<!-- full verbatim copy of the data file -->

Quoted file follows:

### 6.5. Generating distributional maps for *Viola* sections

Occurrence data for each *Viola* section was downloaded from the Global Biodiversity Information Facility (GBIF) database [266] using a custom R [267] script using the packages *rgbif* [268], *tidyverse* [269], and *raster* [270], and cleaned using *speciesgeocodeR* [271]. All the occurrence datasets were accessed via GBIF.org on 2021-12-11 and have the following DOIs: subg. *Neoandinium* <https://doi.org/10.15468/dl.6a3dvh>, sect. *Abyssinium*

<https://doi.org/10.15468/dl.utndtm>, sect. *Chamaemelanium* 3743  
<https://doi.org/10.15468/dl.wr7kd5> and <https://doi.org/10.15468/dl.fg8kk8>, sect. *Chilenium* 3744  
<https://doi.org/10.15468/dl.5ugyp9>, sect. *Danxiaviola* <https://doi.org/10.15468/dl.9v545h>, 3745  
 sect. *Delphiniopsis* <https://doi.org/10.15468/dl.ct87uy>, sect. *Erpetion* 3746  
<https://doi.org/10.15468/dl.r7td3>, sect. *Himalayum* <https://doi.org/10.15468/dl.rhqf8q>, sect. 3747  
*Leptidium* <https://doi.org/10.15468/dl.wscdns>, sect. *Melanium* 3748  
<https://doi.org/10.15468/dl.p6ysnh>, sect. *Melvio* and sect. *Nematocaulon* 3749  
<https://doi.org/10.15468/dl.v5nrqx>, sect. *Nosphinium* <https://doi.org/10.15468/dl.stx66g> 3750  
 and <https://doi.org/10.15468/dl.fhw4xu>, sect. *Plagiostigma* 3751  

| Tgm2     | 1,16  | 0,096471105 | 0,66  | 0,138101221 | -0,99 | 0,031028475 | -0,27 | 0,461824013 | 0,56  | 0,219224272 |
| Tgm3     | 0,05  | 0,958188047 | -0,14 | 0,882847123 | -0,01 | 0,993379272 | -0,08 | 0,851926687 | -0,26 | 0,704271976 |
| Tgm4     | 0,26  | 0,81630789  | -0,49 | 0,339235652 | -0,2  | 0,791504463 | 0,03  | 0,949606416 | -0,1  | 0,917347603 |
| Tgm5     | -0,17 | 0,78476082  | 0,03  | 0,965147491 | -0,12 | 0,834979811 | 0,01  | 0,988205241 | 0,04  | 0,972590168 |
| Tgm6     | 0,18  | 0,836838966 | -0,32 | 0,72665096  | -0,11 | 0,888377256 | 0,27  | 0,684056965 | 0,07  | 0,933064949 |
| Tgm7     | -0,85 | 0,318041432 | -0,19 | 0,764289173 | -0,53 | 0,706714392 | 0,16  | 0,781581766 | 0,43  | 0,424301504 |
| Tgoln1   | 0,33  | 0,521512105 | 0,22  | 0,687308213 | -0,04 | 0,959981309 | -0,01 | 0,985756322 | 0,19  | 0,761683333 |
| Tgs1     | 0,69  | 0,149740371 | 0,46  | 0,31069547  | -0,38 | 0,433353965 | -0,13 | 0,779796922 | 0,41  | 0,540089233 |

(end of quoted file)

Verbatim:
### 6.5. Generating distributional maps for *Viola* sections

Occurrence data for each *Viola* section was downloaded from the Global Biodiversity Information Facility (GBIF) database [266] using a custom R [267] script using the packages *rgbif* [268], *tidyverse* [269], and *raster* [270], and cleaned using *speciesgeocodeR* [271]. All the occurrence datasets were accessed via GBIF.org on 2021-12-11 and have the following DOIs: subg. *Neoandinium* <https://doi.org/10.15468/dl.6a3dvh>, sect. *Abyssinium*

<https://doi.org/10.15468/dl.utndtm>, sect. *Chamaemelanium* 3743  
<https://doi.org/10.15468/dl.wr7kd5> and <https://doi.org/10.15468/dl.fg8kk8>, sect. *Chilenium* 3744  
<https://doi.org/10.15468/dl.5ugyp9>, sect. *Danxiaviola* <https://doi.org/10.15468/dl.9v545h>, 3745  
 sect. *Delphiniopsis* <https://doi.org/10.15468/dl.ct87uy>, sect. *Erpetion* 3746  
<https://doi.org/10.15468/dl.r7td3>, sect. *Himalayum* <https://doi.org/10.15468/dl.rhqf8q>, sect. 3747  
*Leptidium* <https://doi.org/10.15468/dl.wscdns>, sect. *Melanium* 3748  
<https://doi.org/10.15468/dl.p6ysnh>, sect. *Melvio* and sect. *Nematocaulon* 3749  
<https://doi.org/10.15468/dl.v5nrqx>, sect. *Nosphinium* <https://doi.org/10.15468/dl.stx66g> 3750  
 and <https://doi.org/10.15468/dl.fhw4xu>, sect. *Plagiostigma* 3751  

| Tgm2     | 1,16  | 0,096471105 | 0,66  | 0,138101221 | -0,99 | 0,031028475 | -0,27 | 0,461824013 | 0,56  | 0,219224272 |
| Tgm3     | 0,05  | 0,958188047 | -0,14 | 0,882847123 | -0,01 | 0,993379272 | -0,08 | 0,851926687 | -0,26 | 0,704271976 |
| Tgm4     | 0,26  | 0,81630789  | -0,49 | 0,339235652 | -0,2  | 0,791504463 | 0,03  | 0,949606416 | -0,1  | 0,917347603 |
| Tgm5     | -0,17 | 0,78476082  | 0,03  | 0,965147491 | -0,12 | 0,834979811 | 0,01  | 0,988205241 | 0,04  | 0,972590168 |
| Tgm6     | 0,18  | 0,836838966 | -0,32 | 0,72665096  | -0,11 | 0,888377256 | 0,27  | 0,684056965 | 0,07  | 0,933064949 |
| Tgm7     | -0,85 | 0,318041432 | -0,19 | 0,764289173 | -0,53 | 0,706714392 | 0,16  | 0,781581766 | 0,43  | 0,424301504 |
| Tgoln1   | 0,33  | 0,521512105 | 0,22  | 0,687308213 | -0,04 | 0,959981309 | -0,01 | 0,985756322 | 0,19  | 0,761683333 |
| Tgs1     | 0,69  | 0,149740371 | 0,46  | 0,31069547  | -0,38 | 0,433353965 | -0,13 | 0,779796922 | 0,41  | 0,540089233 |